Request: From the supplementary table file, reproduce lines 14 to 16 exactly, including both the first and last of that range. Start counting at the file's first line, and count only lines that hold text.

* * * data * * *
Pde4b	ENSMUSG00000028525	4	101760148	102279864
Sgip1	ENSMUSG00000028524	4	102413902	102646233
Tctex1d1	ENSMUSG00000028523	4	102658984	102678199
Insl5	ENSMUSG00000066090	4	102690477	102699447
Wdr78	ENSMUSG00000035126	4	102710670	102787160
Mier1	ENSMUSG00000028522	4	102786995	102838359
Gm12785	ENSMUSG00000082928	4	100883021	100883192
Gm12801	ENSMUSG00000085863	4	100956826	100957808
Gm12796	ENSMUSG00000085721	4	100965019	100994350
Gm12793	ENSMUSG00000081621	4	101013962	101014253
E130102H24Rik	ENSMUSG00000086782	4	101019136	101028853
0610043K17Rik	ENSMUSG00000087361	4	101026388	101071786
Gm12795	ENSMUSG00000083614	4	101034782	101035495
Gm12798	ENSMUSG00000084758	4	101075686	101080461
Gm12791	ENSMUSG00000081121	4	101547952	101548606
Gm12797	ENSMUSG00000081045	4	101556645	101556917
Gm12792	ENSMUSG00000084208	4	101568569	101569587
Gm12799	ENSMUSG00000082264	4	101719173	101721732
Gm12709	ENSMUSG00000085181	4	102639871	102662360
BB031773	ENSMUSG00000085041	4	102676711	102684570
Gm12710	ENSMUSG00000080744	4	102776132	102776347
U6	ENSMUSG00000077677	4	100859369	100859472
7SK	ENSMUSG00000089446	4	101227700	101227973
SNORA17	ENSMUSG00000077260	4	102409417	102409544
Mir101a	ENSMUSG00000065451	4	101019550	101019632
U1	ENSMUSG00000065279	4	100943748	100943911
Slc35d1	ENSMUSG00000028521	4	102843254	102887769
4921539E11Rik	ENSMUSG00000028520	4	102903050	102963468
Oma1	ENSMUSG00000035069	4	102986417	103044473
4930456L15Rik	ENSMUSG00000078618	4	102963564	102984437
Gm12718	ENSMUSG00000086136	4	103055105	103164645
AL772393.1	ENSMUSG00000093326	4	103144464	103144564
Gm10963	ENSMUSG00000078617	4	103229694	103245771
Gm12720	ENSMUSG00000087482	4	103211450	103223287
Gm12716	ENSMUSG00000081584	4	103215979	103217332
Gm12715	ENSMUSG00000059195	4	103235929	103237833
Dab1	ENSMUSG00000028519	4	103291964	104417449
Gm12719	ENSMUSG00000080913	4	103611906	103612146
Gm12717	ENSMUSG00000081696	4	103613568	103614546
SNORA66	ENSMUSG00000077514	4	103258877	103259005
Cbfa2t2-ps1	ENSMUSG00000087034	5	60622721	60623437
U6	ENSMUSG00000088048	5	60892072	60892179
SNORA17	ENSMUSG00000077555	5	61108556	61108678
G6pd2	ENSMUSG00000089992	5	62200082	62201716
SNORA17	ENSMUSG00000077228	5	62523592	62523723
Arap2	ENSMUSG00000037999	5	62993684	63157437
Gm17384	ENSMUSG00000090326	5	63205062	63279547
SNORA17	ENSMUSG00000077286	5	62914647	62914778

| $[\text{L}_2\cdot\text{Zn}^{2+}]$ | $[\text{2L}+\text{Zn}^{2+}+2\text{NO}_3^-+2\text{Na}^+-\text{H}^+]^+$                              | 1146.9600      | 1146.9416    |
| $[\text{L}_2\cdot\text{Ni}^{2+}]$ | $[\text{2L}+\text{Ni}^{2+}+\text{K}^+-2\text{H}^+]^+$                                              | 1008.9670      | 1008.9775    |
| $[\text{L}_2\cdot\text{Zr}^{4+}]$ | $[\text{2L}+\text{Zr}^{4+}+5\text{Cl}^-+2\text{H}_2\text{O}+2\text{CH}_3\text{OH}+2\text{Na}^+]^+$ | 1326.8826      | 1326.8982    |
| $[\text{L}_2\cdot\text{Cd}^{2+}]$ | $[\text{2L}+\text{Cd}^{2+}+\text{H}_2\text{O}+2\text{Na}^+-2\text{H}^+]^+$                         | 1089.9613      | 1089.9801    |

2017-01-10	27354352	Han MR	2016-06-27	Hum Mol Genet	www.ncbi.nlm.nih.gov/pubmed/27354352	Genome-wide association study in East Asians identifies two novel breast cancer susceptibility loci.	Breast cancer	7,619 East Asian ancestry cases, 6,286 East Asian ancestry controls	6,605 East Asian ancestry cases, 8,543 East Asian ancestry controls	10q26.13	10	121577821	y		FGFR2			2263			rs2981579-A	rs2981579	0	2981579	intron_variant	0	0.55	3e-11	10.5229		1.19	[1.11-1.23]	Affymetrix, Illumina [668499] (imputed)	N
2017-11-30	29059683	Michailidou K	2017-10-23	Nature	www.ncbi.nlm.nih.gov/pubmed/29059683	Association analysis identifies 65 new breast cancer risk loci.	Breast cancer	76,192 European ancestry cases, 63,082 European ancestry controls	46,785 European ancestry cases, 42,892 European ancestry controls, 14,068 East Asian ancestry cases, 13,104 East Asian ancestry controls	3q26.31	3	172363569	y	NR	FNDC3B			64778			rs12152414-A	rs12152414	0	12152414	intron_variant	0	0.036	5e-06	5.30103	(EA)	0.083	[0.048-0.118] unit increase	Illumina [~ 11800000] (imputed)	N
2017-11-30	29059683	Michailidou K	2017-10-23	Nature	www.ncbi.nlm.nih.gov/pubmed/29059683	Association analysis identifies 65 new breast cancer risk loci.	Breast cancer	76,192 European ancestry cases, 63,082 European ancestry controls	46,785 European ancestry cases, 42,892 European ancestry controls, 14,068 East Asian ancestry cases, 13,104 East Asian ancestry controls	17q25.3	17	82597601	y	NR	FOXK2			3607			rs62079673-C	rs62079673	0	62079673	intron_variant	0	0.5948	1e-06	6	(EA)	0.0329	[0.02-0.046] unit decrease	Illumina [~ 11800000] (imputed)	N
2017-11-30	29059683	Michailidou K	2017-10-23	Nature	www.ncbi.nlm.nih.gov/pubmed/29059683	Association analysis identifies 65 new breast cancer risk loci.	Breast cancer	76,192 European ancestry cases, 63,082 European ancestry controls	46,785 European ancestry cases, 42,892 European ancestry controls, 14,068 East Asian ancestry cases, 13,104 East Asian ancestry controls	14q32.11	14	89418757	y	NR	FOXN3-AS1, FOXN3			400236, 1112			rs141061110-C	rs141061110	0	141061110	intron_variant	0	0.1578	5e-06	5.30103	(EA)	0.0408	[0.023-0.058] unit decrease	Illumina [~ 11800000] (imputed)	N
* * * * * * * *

Gm12798	ENSMUSG00000084758	4	101075686	101080461
Gm12791	ENSMUSG00000081121	4	101547952	101548606
Gm12797	ENSMUSG00000081045	4	101556645	101556917